Remember though, it is absolutely fine if your dog wants to go for a sniffy walk, and stay at home, or go and visit your Aunty, or go for a walk with their one doggy friend. My Mum had several rescued Cavaliers, all ex puppy farm breeding bitches and they were really shy and worried about the world, so we let them choose, if they wanted to go out that day, or if they wanted to stay home and in the garden, then that was what we did. Nowadays of course, we have freedom fields, open spaces you can rent for an hour, all safely fenced in, these have been life changing for many dogs and their pet parents - being able to lark around for an hour without being worried by other dogs is a great relief sometimes.
If you do have a dog who might enjoy doing 'something' what could you do together?
There are so many canine activites that you can do with your dog to tap into their likes and natural needs to enrich their lives and make them happy. This is canine hoopers - a spin off from agility without any jumping.
Dog training classes can cover so many different types of dog activities. It's important that you find a teacher who trains in a kind, positive way. Avoid anyone who talks about dominance, pack theory and doesn't like using rewards (toys or treats).
- Scent work
- Mantrailing (tracking people)
- Canine Hoopers (sort of like agility but no jumping)
- Search and Rescue
- Canicross (running with your dog attached to you)
- Therapy dog - see Therapy Dogs Nationwide or Pets as Therapy
- Going to a cafe or a pub and socialising
- Visiting pet shops or dog friendly garden centres
- Field trials
- Working trials
- Hydrotherapy (swimming)
- Tricks classes
- Heelwork to Music
Many of the above can be one to one as well as group classes so don't be put off by the thought of a class if your dog isn't keen on group activities. Give the instructor a call and see if they do 1-2-1 sessions. Charley Chau wrote a blog recently going into a bit more detail on a few of the above: Five Ideas For You & Your Dog.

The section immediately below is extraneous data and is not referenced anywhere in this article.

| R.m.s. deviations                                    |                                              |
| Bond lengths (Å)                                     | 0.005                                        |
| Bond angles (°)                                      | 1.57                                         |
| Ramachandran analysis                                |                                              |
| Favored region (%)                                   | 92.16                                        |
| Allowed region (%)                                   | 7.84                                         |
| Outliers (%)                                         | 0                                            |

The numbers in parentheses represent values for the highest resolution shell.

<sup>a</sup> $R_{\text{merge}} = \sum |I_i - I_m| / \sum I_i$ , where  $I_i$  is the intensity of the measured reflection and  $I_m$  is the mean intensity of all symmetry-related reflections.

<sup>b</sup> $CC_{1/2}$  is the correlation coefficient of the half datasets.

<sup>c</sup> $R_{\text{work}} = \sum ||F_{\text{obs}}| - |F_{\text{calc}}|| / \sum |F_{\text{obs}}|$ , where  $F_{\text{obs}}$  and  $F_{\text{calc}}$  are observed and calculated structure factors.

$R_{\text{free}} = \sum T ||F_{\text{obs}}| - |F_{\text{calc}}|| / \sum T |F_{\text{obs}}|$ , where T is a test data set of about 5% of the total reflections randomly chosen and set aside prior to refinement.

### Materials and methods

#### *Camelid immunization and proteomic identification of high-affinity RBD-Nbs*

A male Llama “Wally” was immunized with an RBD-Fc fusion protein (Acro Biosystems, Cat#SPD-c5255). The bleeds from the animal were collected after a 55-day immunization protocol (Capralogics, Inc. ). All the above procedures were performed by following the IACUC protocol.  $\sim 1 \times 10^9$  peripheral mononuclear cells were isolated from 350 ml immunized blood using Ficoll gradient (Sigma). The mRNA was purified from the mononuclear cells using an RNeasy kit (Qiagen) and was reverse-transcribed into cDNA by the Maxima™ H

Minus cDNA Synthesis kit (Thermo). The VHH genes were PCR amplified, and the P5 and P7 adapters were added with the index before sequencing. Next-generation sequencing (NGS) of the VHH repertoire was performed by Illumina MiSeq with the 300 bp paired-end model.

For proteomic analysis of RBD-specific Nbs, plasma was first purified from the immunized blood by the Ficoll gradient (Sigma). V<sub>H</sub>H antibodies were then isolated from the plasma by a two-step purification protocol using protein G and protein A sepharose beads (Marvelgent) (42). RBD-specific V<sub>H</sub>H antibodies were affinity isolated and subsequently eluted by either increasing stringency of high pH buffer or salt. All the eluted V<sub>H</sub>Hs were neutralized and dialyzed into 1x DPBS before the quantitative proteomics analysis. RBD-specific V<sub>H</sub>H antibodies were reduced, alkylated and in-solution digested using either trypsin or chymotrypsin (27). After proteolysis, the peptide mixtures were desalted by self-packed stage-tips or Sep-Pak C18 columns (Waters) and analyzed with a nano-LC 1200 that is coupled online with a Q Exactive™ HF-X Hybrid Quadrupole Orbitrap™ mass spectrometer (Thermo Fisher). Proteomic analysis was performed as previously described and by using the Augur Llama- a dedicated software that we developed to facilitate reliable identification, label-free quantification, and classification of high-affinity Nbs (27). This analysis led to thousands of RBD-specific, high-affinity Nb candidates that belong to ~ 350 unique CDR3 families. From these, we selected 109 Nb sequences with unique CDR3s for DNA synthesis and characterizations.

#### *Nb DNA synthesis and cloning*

If you arrive somewhere and your dog doesn’t want to do it, re-evaluate, think about why they don’t want to do it. Carefully consider if you are putting their needs first and, if at first you try something and it doesn’t work out, there’s nothing wrong with walking away and trying a different activity together. There’s also nothing wrong with living with your dog like we did with Morris, for 15 years and not doing any particular activity apart from walking, running and snuggling at home!
So, as with everything we do with our dogs, it’s good to regularly re-evaluate their emotional state to check what we are doing together makes them happy. The longer you live with a dog, the easier it becomes to recognise, so if you have a new rescue dog, take it slow, there is no need to rush into anything, the most important thing is your relationship with your dog and building trust so they know whatever you are doing together they will be happy and safe.
© Penel Malby 2023
Read all of the fantastic insight that Penel has shared in this series on canine emotional well-being to mark Love Your Pet Day.
Penel Malby is canine behaviour expert, writer, phoographer, and all round dog enthusiast who lives in Norfolk with her husband and English Setters Hobson and Elmo, and Birdie the Labrador. Penel trained dogs and cats on movie sets for the first 10 years of her career as a dog trainer and behaviourist, before co-founding a renowned dog training and behaviour company in Surrey as a member of PACT and the ABTC. Many dog lovers have seen some of Penel's other dog-related work as she was the cover photographer for Dogs Today and Dogs Monthly magazines for many years. Penel writes on many subjects to do with dogs with the intention of making both the lives of dogs and their owners better.
Usually found walking with her dogs along the beaches and through the woods of Norfolk near her home, Penel runs an English Setter training group on Facebook and you can follow Penel and her gang at The Daily Hobson.